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Michael Latzer

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Edited by Johannes M. Bauer and Michael Latzer

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Johannes M. Bauer and Michael Latzer

In the Internet economy many of the theoretical assumptions and historical observations upon which economics rests need to be reexamined. Economics built a very successful research program by focusing on the choices and behavior of rational individual decision-makers under conditions of scarcity. In this highly stylized framework, eventually increasing incremental costs, decreasing marginal utility and resource constraints result in negative feedback that moves economic processes toward equilibrium states. The rigorous analysis of these equilibria at the micro and macro level was a major achievement of economics. In an economy built around digital technology some of these conditions change fundamentally. Scale economies, interdependencies, and abundance are pervasive and call for analytical concepts that augment the traditional approaches.

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Edited by Johannes M. Bauer and Michael Latzer

As the single most important general purpose technology of recent times, the Internet is transforming the organization, competitive structure and business models of the private, the public and non-profit sectors. In 27 original chapters, leading authors discuss theoretical and applied frameworks for the study of the economics of the Internet and its unique economics as a global information and communications infrastructure. They also examine the effects of the Internet on economic transactions (including social production, advertising, innovation, and intellectual property rights), the economics and management of Internet-based industries (including search, news, entertainment, culture, and virtual worlds), and the effects of the Internet on the economy at large.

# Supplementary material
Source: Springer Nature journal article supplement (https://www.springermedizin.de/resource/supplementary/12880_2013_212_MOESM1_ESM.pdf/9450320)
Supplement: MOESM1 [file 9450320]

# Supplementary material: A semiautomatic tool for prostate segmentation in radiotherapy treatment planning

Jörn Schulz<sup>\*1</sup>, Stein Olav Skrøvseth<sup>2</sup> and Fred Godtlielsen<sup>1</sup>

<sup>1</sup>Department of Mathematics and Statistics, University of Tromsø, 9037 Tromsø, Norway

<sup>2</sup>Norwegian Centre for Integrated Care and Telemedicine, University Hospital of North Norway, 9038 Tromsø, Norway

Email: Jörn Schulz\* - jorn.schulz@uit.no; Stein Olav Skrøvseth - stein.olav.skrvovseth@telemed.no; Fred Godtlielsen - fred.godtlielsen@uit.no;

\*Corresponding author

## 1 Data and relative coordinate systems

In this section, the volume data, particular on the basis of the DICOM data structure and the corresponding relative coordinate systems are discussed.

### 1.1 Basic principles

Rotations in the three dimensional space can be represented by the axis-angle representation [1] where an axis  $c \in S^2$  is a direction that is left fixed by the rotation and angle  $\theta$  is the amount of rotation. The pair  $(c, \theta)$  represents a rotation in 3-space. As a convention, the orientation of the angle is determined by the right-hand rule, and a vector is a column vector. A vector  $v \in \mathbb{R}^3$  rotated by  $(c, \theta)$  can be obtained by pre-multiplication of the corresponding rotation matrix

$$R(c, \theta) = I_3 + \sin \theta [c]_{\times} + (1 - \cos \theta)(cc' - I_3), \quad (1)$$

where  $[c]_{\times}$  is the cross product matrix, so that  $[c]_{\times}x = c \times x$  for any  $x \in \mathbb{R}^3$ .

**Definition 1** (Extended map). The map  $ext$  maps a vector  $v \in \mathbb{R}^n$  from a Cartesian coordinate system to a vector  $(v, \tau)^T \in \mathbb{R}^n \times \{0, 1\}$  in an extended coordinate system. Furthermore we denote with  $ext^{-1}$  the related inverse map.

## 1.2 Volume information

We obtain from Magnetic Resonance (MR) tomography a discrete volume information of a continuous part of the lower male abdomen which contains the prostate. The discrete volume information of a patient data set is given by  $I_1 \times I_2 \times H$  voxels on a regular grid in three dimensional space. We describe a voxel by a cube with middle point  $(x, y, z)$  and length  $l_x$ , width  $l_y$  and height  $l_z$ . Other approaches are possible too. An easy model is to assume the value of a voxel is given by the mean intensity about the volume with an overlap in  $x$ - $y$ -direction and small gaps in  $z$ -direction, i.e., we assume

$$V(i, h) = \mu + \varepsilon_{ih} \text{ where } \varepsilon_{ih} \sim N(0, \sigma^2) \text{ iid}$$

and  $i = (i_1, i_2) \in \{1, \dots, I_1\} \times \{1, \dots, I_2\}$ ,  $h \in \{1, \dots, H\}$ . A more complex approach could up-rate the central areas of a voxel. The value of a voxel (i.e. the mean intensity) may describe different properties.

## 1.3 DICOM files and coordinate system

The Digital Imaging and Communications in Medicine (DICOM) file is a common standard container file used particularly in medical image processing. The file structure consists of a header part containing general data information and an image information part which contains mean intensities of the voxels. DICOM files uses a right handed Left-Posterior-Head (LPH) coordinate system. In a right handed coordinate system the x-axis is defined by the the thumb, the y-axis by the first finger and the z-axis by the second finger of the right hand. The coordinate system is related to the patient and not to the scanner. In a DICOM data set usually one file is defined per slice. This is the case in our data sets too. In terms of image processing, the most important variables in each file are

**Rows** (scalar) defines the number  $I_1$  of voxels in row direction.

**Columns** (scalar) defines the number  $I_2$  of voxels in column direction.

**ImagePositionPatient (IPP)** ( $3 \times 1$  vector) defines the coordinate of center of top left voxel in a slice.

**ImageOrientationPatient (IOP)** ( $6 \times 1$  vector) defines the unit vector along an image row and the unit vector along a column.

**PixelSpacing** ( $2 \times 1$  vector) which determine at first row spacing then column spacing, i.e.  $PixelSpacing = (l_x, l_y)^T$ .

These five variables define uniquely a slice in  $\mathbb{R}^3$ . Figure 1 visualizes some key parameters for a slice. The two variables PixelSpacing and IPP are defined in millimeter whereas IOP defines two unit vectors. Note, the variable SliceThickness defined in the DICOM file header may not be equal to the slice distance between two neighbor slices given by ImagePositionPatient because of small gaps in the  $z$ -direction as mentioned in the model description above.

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Michael Latzer, Katharina Hollnbuchner, Natascha Just and Florian Saurwein

Algorithms have come to shape our daily lives and realities. They change the perception of the world, affect our behavior by influencing our choices, and are an important source of social order. Algorithms on the Internet have significant economic implications in newly emerging markets and for existing markets in various sectors. A wide range of our daily activities in general and our media consumption in particular are increasingly shaped by algorithms operating behind the scenes. This chapter offers a typology of applications based on algorithmic selection and provides a basic input-throughput-output model in order to show the functioning and economic purposes of the different types of algorithmic selection. It explains theoretical perspectives applied for its analysis and presents results from market analyses. Different phases of the markets for applications using algorithmic selection are shown, their structures and concentration tendencies explored. After a discussion of business models of algorithmic selection with an emphasis on value proposition, value creation and revenue stream the chapter examines selected implications of algorithmic selection for traditional media markets and the incumbents’ profitability. An identification of risks, such as possible violations of basic rights, is complemented by a discussion of regulatory challenges and available governance options.